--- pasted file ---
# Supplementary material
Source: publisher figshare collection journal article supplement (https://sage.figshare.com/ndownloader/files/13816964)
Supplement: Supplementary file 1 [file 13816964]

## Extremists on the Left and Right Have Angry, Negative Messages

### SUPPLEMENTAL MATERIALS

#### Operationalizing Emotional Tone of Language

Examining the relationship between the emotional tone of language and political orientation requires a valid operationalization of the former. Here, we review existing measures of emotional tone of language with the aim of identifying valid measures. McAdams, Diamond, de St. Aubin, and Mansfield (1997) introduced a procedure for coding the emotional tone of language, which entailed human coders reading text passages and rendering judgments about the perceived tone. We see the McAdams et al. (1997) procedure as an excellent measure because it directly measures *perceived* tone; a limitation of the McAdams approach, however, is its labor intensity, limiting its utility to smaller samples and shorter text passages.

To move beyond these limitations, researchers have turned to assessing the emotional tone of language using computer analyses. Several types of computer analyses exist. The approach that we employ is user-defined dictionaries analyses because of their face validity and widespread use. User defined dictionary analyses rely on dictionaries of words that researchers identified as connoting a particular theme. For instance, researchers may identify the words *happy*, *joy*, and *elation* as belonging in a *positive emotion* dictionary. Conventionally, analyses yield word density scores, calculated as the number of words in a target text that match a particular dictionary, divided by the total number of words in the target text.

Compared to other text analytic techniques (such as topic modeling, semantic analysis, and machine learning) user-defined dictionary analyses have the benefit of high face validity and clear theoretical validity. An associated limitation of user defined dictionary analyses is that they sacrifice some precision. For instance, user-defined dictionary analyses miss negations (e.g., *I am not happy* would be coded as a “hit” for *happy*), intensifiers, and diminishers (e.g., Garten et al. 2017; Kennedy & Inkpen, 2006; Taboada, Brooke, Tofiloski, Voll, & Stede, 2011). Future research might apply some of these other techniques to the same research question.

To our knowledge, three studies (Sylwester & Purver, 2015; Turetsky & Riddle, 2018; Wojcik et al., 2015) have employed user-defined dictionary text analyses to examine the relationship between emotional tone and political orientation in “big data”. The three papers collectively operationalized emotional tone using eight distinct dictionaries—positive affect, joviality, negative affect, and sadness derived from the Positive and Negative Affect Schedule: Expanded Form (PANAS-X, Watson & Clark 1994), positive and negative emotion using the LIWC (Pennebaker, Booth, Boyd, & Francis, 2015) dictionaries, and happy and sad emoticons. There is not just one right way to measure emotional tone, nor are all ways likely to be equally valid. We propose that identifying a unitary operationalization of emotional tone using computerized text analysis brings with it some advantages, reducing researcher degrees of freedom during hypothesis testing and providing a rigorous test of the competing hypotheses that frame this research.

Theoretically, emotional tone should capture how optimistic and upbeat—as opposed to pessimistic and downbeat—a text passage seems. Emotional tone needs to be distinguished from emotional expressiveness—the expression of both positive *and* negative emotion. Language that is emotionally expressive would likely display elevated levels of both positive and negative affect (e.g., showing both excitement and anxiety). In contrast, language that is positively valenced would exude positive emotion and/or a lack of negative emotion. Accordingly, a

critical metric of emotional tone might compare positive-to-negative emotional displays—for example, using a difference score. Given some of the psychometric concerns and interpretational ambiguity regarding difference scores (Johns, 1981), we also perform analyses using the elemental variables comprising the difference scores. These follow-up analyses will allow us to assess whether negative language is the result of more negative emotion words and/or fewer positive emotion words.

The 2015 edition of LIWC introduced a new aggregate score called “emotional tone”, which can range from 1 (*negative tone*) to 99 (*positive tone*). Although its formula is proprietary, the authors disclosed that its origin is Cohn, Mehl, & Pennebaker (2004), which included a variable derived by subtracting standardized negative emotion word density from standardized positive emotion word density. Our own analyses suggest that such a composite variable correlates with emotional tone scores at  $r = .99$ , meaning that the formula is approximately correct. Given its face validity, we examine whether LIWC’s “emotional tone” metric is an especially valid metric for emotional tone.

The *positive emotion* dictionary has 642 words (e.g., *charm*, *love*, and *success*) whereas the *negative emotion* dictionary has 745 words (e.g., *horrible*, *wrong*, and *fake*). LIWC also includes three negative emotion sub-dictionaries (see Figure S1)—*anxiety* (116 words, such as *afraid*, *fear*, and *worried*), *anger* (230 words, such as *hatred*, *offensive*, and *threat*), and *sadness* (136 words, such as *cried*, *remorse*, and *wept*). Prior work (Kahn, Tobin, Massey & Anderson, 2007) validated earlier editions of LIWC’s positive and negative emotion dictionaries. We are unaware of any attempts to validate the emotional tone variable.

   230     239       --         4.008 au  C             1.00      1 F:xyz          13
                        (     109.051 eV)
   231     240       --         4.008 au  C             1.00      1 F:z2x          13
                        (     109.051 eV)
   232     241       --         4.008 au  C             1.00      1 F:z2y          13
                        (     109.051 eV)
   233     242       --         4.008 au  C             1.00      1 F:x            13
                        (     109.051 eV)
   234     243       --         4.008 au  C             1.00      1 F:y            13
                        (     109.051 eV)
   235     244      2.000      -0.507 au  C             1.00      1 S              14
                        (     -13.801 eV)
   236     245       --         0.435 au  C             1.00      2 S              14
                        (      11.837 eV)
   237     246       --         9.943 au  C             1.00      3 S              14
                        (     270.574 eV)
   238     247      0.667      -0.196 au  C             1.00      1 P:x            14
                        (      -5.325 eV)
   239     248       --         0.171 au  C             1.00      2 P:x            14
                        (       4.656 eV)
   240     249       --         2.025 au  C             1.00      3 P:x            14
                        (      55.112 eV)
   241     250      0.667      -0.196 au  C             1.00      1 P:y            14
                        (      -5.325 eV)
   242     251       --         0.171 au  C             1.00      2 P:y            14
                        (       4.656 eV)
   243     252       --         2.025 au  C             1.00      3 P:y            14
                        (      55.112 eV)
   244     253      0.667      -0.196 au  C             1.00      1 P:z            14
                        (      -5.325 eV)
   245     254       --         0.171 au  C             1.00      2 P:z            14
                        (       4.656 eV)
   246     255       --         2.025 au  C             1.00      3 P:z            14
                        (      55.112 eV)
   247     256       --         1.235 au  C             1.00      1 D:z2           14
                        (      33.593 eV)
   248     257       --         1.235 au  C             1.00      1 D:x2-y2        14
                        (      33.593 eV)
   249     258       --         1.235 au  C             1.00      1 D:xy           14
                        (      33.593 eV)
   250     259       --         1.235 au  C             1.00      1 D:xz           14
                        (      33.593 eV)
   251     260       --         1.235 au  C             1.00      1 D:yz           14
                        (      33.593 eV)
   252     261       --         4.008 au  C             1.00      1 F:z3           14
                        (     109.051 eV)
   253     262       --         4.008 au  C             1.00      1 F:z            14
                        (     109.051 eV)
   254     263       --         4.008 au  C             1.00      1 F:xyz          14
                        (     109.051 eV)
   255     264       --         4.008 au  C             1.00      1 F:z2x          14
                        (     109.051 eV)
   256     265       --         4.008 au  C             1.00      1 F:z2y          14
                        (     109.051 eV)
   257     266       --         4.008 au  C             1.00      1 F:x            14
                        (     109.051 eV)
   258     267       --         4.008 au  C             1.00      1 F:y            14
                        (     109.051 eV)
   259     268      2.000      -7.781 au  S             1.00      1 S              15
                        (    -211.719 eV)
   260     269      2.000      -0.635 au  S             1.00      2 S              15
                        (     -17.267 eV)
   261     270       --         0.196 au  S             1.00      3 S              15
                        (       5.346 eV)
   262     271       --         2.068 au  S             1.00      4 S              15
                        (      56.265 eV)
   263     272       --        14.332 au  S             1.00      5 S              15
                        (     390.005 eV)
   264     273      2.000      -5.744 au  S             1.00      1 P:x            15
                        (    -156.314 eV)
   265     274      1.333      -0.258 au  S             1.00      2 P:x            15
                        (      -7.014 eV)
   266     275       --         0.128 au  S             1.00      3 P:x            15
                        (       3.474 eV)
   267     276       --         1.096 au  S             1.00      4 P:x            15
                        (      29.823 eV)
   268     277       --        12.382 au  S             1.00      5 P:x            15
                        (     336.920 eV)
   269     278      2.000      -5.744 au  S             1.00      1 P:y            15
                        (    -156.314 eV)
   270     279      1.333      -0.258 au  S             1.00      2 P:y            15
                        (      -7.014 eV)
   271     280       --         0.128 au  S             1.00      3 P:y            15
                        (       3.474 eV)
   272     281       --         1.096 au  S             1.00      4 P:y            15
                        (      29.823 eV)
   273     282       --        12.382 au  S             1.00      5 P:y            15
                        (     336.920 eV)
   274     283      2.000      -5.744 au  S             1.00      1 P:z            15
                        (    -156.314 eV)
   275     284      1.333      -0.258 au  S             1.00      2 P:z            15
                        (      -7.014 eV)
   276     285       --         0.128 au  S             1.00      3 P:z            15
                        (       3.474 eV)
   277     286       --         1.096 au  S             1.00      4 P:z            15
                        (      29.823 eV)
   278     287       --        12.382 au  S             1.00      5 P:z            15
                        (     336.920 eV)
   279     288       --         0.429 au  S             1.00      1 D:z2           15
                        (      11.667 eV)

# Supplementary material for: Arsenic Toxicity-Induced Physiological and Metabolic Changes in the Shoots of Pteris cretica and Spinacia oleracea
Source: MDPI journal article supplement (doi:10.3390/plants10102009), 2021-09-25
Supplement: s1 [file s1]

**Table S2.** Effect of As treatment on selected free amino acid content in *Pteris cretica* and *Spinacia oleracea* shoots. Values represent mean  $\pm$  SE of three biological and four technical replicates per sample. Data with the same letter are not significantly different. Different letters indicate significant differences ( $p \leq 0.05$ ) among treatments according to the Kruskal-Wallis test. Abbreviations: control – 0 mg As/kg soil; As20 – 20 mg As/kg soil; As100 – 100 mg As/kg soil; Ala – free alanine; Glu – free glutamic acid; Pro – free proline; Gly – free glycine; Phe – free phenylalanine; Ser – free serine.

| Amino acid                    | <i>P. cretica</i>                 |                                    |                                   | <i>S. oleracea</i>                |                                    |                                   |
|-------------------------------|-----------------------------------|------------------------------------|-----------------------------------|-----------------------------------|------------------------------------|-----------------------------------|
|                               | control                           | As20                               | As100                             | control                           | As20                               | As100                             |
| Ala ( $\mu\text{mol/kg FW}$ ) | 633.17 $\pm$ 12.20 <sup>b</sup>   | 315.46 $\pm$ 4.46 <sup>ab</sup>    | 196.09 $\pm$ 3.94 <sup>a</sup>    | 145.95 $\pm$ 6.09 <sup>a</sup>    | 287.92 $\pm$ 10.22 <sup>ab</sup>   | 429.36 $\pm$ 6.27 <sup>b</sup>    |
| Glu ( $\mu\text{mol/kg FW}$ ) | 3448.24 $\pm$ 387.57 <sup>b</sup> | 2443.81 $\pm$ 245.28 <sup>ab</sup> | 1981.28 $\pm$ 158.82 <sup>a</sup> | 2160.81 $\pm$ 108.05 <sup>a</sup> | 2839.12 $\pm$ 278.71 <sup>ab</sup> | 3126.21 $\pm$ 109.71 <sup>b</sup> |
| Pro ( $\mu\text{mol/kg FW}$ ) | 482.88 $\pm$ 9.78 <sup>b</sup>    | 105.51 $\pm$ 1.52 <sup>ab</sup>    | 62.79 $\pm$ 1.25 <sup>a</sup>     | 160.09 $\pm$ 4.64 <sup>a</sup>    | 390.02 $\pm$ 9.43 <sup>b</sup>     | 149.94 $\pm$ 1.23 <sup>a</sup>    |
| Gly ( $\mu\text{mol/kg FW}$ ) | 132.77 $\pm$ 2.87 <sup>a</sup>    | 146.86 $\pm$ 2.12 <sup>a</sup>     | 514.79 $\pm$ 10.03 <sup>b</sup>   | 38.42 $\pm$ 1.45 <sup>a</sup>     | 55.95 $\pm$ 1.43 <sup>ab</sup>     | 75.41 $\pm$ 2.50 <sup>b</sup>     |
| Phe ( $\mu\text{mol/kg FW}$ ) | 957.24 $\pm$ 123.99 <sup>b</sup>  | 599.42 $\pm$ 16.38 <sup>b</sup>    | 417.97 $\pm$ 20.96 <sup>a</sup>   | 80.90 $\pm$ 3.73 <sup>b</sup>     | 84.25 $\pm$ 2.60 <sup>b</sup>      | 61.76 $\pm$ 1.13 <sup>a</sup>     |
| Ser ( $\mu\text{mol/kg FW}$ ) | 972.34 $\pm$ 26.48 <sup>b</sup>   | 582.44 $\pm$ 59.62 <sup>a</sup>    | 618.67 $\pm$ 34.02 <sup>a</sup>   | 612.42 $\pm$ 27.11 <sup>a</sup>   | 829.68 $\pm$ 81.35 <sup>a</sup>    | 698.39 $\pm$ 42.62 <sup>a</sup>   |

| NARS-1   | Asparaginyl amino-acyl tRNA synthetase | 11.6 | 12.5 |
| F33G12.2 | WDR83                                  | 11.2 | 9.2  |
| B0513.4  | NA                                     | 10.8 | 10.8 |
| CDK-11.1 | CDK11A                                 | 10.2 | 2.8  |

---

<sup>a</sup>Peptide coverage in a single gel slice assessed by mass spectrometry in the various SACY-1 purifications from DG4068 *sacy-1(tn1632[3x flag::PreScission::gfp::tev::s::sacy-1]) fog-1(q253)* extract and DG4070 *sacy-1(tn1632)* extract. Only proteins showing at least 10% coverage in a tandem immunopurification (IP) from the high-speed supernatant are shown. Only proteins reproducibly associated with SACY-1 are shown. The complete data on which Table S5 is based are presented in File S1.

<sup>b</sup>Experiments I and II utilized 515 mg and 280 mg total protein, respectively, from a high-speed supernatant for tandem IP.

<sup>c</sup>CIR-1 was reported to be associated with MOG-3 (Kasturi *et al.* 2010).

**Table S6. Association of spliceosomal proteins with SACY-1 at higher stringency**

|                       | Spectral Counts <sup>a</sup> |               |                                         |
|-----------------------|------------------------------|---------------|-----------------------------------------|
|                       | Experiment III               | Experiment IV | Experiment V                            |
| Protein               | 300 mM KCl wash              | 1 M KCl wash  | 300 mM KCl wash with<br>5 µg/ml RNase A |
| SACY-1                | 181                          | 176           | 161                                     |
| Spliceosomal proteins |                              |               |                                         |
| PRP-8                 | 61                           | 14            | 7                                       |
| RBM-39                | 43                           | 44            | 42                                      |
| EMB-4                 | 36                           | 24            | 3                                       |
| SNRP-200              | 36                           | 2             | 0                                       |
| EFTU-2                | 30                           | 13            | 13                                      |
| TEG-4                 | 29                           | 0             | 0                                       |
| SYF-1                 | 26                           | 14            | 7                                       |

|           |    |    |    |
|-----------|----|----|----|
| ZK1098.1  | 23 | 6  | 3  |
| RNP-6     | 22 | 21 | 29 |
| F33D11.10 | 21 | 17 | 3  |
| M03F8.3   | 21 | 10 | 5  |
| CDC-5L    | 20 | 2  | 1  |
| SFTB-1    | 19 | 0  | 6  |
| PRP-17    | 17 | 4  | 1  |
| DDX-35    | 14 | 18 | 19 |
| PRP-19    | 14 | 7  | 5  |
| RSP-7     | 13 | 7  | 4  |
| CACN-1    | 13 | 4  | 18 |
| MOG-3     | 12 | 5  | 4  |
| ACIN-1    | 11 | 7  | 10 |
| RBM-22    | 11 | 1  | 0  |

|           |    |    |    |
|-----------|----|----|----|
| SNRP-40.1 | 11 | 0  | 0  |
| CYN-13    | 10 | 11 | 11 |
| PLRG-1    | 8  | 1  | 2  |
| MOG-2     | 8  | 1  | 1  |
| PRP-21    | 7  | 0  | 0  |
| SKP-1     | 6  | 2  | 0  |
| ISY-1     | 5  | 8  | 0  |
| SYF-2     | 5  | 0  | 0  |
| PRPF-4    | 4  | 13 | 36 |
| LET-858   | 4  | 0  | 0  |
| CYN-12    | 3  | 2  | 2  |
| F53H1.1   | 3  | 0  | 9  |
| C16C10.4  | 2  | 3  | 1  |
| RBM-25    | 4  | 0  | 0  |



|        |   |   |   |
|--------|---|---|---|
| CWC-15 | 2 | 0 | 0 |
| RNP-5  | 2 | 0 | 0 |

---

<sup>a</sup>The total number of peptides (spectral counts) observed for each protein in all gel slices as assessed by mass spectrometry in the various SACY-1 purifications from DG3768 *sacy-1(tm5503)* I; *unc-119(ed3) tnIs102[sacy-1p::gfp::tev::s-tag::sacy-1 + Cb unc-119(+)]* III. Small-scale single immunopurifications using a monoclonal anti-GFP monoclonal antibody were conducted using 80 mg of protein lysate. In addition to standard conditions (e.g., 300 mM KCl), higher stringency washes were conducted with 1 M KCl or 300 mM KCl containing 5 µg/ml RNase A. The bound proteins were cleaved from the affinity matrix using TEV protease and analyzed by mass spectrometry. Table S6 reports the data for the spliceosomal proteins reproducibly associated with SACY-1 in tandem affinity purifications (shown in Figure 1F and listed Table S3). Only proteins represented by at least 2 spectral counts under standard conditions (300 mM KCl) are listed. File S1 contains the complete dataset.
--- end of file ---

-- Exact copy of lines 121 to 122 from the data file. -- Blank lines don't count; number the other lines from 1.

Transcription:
|                               | control                           | As20                               | As100                             | control                           | As20                               | As100                             |
| Ala ( $\mu\text{mol/kg FW}$ ) | 633.17 $\pm$ 12.20 <sup>b</sup>   | 315.46 $\pm$ 4.46 <sup>ab</sup>    | 196.09 $\pm$ 3.94 <sup>a</sup>    | 145.95 $\pm$ 6.09 <sup>a</sup>    | 287.92 $\pm$ 10.22 <sup>ab</sup>   | 429.36 $\pm$ 6.27 <sup>b</sup>    |